Originally published on December 24, 2015
It’s that time of year when we Americans gather together with our loved ones to admire decorated evergreens in our living rooms, bake and consume a myriad array of cookies and other sweets, binge watch a list of holiday television specials, and shower a plethora of cheap Chinese trinkets upon our spoiled children. Some of us try to weave an amorphous Christian message into the festivities. Others do not. But all in all, it is a season marred—for all of us—by frantic shopping sprees, desperate rushing to wrap the last gift, and a whirlwind of party planning.
Holidays are great because they perhaps represent the one last concrete excuse that we overworked and overtly distracted Americans have left to spend time with our families. But I can’t help this nagging feeling that even these rare and fleeting holiday get togethers are becoming as hollow as the over-commercialized holidays themselves. Most of the time spent at a typical American’s Christmas party will consist solely of lighthearted jokes, requisite pleasantries, and simply “catching-up.” Now, there is nothing necessarily wrong about any of these things (and at least the children will get to see their cousins for once); however, as I recline back in my chair, sip my seasonal beer, and—now that the kids have all gone to bed—stare at my Christmas tree, I ponder: isn’t there some sort of deeper tranquility that this holiday is supposed to bring to me?
I am not what one could consider a particularly enthusiastic adherent to the Christian faith. Nevertheless, Christianity is a part of Western culture. It is more-or-less synonymous with being a White American. And I thus embrace it as a part of my heritage, but only nominally. So my holiday lamentations aren’t meant as a prelude to teary-eyed pleas for more giving to the poor, praying, or singing happy birthday to Jesus on December twenty-fifth. But there exists an undeniable void in the spiritual life of the contemporary American, and what Christmas has become is a symptom of that inner sickness.
I say that because this holiday that is intended to bring families together and make them stronger only makes me sad. It makes me sad because the family itself has been mortally wounded by liberalism and cultural Marxism. It makes me sad because we Americans have become so atomized and so alienated. It makes me sad because I look at the children, and I wonder what their lives will be like under this junk culture that has been foisted upon us, this hollow consumerism, this Mammon worship.
American’s have become so Satanically individualistic that many of us are refusing to even rear families—even when locked in heterosexual matrimony! Indeed, countless White American couples will be attending family Christmas parties tonight merely to laugh at the siblings or cousins of theirs with children, believing them idiots for being duped into having those kids. Sure, they’ll pat their nieces or nephews on the head for five or ten minutes but then go back to their adolescent escape-artist world of booze, marijuana, and smartphone Facebook.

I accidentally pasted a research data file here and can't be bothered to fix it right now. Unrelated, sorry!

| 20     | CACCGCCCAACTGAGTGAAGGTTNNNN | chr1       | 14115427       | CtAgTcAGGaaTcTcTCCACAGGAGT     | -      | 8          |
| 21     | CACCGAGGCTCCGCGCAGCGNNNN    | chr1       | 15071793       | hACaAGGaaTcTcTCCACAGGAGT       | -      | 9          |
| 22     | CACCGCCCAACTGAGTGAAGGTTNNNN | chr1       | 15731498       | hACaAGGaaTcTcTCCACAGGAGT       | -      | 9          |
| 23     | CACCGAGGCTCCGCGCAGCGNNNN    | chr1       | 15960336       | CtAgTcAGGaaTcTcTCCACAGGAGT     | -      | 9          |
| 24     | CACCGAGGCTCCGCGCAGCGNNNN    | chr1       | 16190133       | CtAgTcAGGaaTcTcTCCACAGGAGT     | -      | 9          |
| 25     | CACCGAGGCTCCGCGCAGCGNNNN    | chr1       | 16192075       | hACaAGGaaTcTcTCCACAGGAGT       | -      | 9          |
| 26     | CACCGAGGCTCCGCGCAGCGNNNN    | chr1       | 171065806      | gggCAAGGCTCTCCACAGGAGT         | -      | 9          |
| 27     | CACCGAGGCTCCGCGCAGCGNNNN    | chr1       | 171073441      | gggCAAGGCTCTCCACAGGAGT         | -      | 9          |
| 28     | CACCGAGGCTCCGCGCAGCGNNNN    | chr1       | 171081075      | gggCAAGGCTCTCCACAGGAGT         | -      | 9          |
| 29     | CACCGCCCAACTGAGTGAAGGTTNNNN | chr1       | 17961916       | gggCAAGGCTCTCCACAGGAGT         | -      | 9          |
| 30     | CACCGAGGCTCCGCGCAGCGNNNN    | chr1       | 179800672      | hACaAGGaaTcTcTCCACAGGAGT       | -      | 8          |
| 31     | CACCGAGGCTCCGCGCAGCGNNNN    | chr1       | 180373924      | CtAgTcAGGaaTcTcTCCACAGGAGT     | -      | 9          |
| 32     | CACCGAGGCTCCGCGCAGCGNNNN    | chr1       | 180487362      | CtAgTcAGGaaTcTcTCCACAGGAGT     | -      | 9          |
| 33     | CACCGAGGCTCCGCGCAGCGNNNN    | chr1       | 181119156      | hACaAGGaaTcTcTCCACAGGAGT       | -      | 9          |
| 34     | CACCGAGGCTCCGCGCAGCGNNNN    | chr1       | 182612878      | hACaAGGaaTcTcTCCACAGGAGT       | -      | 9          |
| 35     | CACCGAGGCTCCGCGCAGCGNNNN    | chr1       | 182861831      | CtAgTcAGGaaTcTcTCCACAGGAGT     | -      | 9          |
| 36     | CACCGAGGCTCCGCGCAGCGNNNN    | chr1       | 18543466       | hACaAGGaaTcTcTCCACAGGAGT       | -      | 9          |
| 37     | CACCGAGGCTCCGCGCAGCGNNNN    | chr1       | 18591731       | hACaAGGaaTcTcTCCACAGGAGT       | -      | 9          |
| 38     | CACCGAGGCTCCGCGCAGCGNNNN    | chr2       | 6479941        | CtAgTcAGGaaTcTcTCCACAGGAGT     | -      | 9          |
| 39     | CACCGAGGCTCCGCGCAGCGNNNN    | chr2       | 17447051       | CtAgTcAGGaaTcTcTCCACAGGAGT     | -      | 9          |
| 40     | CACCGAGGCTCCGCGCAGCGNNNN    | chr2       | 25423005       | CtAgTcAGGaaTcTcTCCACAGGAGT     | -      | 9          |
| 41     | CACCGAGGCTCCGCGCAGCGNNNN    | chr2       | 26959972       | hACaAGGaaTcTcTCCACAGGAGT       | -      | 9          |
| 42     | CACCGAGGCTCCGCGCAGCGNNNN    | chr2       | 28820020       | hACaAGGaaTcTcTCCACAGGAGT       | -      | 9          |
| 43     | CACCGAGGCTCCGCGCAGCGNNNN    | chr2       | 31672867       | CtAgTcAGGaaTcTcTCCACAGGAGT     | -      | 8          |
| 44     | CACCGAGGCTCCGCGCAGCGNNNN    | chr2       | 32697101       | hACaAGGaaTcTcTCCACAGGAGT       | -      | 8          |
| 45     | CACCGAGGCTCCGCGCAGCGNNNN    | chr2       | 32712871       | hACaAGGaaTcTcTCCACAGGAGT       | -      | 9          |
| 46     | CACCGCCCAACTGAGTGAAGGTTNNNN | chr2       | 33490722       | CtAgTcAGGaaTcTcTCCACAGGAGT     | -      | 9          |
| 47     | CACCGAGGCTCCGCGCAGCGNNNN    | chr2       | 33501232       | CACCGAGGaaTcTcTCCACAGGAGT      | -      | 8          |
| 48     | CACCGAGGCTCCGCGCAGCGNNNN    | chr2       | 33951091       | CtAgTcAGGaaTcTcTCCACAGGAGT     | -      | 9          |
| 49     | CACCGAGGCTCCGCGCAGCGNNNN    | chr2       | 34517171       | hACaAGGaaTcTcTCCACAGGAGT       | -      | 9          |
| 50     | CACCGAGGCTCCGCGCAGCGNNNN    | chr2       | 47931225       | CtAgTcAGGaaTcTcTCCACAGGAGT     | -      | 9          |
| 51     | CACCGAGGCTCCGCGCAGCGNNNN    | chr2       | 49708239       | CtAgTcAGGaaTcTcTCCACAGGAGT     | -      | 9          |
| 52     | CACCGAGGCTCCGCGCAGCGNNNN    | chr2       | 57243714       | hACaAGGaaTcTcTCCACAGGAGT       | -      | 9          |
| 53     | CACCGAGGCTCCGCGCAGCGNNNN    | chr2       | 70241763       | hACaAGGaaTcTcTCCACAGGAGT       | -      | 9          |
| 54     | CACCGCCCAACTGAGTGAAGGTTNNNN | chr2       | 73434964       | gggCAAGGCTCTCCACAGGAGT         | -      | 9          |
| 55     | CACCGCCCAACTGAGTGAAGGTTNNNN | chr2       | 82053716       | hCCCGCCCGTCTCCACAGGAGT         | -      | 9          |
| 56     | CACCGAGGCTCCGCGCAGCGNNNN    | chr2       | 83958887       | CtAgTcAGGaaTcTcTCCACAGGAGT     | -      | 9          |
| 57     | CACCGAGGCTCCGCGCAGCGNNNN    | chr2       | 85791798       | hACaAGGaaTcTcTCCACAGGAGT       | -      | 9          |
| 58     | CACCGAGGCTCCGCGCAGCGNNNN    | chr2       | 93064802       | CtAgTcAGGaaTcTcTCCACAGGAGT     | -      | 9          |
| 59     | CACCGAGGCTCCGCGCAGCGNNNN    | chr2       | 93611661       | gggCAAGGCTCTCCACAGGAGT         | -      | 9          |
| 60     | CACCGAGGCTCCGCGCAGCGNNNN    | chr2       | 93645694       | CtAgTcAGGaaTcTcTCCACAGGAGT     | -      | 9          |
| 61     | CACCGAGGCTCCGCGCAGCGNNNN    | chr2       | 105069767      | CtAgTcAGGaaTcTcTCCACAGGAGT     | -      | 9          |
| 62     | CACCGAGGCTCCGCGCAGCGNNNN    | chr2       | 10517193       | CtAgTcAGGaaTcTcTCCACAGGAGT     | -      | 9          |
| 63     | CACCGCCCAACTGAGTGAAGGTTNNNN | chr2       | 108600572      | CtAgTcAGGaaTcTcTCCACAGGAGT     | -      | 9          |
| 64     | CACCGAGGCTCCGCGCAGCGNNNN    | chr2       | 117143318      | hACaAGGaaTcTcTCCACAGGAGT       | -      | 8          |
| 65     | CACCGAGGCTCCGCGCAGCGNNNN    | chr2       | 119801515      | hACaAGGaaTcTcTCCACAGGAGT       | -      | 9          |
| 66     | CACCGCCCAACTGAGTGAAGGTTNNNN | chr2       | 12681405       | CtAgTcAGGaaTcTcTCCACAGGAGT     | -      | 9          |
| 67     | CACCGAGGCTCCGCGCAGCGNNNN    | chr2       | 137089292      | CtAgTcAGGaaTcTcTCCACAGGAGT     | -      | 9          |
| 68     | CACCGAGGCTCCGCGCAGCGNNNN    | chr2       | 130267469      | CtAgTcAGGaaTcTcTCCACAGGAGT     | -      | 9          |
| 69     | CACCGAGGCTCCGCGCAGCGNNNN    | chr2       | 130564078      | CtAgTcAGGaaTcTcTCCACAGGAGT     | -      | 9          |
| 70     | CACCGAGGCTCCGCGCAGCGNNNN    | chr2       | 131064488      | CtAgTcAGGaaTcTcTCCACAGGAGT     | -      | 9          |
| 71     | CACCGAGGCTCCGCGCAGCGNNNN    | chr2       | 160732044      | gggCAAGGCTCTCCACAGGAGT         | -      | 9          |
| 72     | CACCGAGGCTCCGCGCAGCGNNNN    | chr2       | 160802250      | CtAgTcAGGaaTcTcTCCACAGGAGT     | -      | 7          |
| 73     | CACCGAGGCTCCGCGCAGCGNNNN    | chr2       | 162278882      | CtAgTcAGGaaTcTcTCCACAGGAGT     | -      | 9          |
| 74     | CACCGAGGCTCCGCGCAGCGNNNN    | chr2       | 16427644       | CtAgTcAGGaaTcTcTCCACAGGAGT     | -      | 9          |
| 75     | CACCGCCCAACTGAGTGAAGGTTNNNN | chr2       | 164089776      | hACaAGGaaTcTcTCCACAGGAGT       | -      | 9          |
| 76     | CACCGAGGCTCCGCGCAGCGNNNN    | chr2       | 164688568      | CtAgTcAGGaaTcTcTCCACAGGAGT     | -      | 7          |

And what of these few children that some of us still insist on having this holiday season? They will lay on the floor, over-stimulated and unsure over which one out of the twenty-seven new and over-sized plastic toys in front of them to play with the wrong way first. Doubtless, we adults will have also turned on the latest mass produced Disney Junior holiday special (with a moral about sharing, or something, of course) for them on the giant flat screen so that we adults can sip an extra Mimosa undisturbed while we gossip and wisecrack—no real substantive conversation here because we all know that you never talk religion or politics at a party, folks (heavens no, you’d might have to disagree with someone if you did that).
We tell ourselves that we are making warm memories for these children, and I’m sure that we are. Unfortunately, those warm memories will be of Frosty the Snowman saying “Happy Birthday,” or of some gay little elf wanting to pull teeth instead of make toys. Yes, we spent all year chasing the almighty dollar, and during the holidays—instead of giving them real family memories and making sure they imbibe a firm basis in tradition—we spoil them with toys from China. Now, we only have to sit back and wait to see which of the girls will grow up to have mixed-race babies with a string of deadbeat baby daddies. Or which of the boys will grow up to be a pothead video game addict who hopes to dwell in the basement well into his thirties. Or, worse yet, which of the girls and/or boys will come home from school one day at the age of fifteen demanding that he or she or it or whatever be referred to by pronouns of the opposite gender and that you take them to see a psychologist so that they can be prescribed hormone therapy treatment.
The very celebrations that we get together to celebrate this time of year are under assault. For, as we all know, all of Western civilization itself is under assault. Our way of life and all our traditions—all the foundations of family too—are being threatened by the liberal elite apparatuses that hold our people in bondage. And they are being threatened too by the pullulating Muslim hordes at the gates, clamoring to be let in in order to destroy us. Meanwhile, we eat gingerbread and fuss over which Precious Moments ornament we’re going to go all out for this year. What we should be doing is trying desperately to find a way to make our holiday season substantive once again, to make of them something that truly helps hold onto and propel forward traditions and traditionalism instead of serving as some vehicle to facilitate escapism, distraction, and hollow consumerism.